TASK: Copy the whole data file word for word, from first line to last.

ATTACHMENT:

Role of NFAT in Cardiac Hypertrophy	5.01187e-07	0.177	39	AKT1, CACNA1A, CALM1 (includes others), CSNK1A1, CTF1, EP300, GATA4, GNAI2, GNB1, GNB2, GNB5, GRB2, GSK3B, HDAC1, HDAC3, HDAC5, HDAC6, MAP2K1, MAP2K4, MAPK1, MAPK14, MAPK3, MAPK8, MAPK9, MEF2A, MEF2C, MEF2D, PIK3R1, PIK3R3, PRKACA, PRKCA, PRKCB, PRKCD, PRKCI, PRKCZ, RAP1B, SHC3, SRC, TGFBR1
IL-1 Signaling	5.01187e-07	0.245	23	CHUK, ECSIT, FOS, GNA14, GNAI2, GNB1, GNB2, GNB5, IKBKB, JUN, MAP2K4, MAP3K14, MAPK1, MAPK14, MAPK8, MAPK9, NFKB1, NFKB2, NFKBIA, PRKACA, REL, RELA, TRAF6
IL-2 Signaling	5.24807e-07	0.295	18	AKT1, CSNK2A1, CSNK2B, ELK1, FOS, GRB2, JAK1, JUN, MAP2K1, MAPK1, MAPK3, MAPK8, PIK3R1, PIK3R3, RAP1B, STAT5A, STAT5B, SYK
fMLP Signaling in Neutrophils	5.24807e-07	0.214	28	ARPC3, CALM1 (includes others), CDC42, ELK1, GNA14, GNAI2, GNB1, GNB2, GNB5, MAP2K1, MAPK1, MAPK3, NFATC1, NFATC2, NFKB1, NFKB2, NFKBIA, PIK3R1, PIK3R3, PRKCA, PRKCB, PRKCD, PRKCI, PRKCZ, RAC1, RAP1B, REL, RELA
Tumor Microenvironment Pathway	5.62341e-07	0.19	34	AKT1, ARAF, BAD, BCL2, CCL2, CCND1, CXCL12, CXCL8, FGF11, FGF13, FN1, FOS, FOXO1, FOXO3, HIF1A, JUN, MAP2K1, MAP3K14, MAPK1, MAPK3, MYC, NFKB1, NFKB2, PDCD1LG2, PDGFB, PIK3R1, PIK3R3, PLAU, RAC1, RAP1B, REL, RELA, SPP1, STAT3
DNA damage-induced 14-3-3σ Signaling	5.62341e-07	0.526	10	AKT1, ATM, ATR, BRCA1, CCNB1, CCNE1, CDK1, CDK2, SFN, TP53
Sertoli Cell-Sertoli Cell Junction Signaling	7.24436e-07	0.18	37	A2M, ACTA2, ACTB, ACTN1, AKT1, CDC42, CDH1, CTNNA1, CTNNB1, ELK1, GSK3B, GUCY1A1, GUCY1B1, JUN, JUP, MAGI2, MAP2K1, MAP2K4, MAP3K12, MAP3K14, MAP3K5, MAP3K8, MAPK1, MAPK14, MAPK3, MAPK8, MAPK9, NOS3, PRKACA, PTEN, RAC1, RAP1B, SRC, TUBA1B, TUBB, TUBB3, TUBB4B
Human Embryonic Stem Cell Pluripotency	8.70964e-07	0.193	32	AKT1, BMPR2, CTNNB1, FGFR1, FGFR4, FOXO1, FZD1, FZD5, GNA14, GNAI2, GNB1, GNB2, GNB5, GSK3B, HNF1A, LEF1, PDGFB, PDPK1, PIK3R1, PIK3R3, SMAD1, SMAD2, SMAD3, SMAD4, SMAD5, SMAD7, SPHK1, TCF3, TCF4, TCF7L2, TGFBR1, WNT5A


Role of NFAT in Cardiac Hypertrophy	5.01187e-07	0.177	39	AKT1, CACNA1A, CALM1 (includes others), CSNK1A1, CTF1, EP300, GATA4, GNAI2, GNB1, GNB2, GNB5, GRB2, GSK3B, HDAC1, HDAC3, HDAC5, HDAC6, MAP2K1, MAP2K4, MAPK1, MAPK14, MAPK3, MAPK8, MAPK9, MEF2A, MEF2C, MEF2D, PIK3R1, PIK3R3, PRKACA, PRKCA, PRKCB, PRKCD, PRKCI, PRKCZ, RAP1B, SHC3, SRC, TGFBR1
IL-1 Signaling	5.01187e-07	0.245	23	CHUK, ECSIT, FOS, GNA14, GNAI2, GNB1, GNB2, GNB5, IKBKB, JUN, MAP2K4, MAP3K14, MAPK1, MAPK14, MAPK8, MAPK9, NFKB1, NFKB2, NFKBIA, PRKACA, REL, RELA, TRAF6
IL-2 Signaling	5.24807e-07	0.295	18	AKT1, CSNK2A1, CSNK2B, ELK1, FOS, GRB2, JAK1, JUN, MAP2K1, MAPK1, MAPK3, MAPK8, PIK3R1, PIK3R3, RAP1B, STAT5A, STAT5B, SYK
fMLP Signaling in Neutrophils	5.24807e-07	0.214	28	ARPC3, CALM1 (includes others), CDC42, ELK1, GNA14, GNAI2, GNB1, GNB2, GNB5, MAP2K1, MAPK1, MAPK3, NFATC1, NFATC2, NFKB1, NFKB2, NFKBIA, PIK3R1, PIK3R3, PRKCA, PRKCB, PRKCD, PRKCI, PRKCZ, RAC1, RAP1B, REL, RELA
Tumor Microenvironment Pathway	5.62341e-07	0.19	34	AKT1, ARAF, BAD, BCL2, CCL2, CCND1, CXCL12, CXCL8, FGF11, FGF13, FN1, FOS, FOXO1, FOXO3, HIF1A, JUN, MAP2K1, MAP3K14, MAPK1, MAPK3, MYC, NFKB1, NFKB2, PDCD1LG2, PDGFB, PIK3R1, PIK3R3, PLAU, RAC1, RAP1B, REL, RELA, SPP1, STAT3
DNA damage-induced 14-3-3σ Signaling	5.62341e-07	0.526	10	AKT1, ATM, ATR, BRCA1, CCNB1, CCNE1, CDK1, CDK2, SFN, TP53
Sertoli Cell-Sertoli Cell Junction Signaling	7.24436e-07	0.18	37	A2M, ACTA2, ACTB, ACTN1, AKT1, CDC42, CDH1, CTNNA1, CTNNB1, ELK1, GSK3B, GUCY1A1, GUCY1B1, JUN, JUP, MAGI2, MAP2K1, MAP2K4, MAP3K12, MAP3K14, MAP3K5, MAP3K8, MAPK1, MAPK14, MAPK3, MAPK8, MAPK9, NOS3, PRKACA, PTEN, RAC1, RAP1B, SRC, TUBA1B, TUBB, TUBB3, TUBB4B
Human Embryonic Stem Cell Pluripotency	8.70964e-07	0.193	32	AKT1, BMPR2, CTNNB1, FGFR1, FGFR4, FOXO1, FZD1, FZD5, GNA14, GNAI2, GNB1, GNB2, GNB5, GSK3B, HNF1A, LEF1, PDGFB, PDPK1, PIK3R1, PIK3R3, SMAD1, SMAD2, SMAD3, SMAD4, SMAD5, SMAD7, SPHK1, TCF3, TCF4, TCF7L2, TGFBR1, WNT5A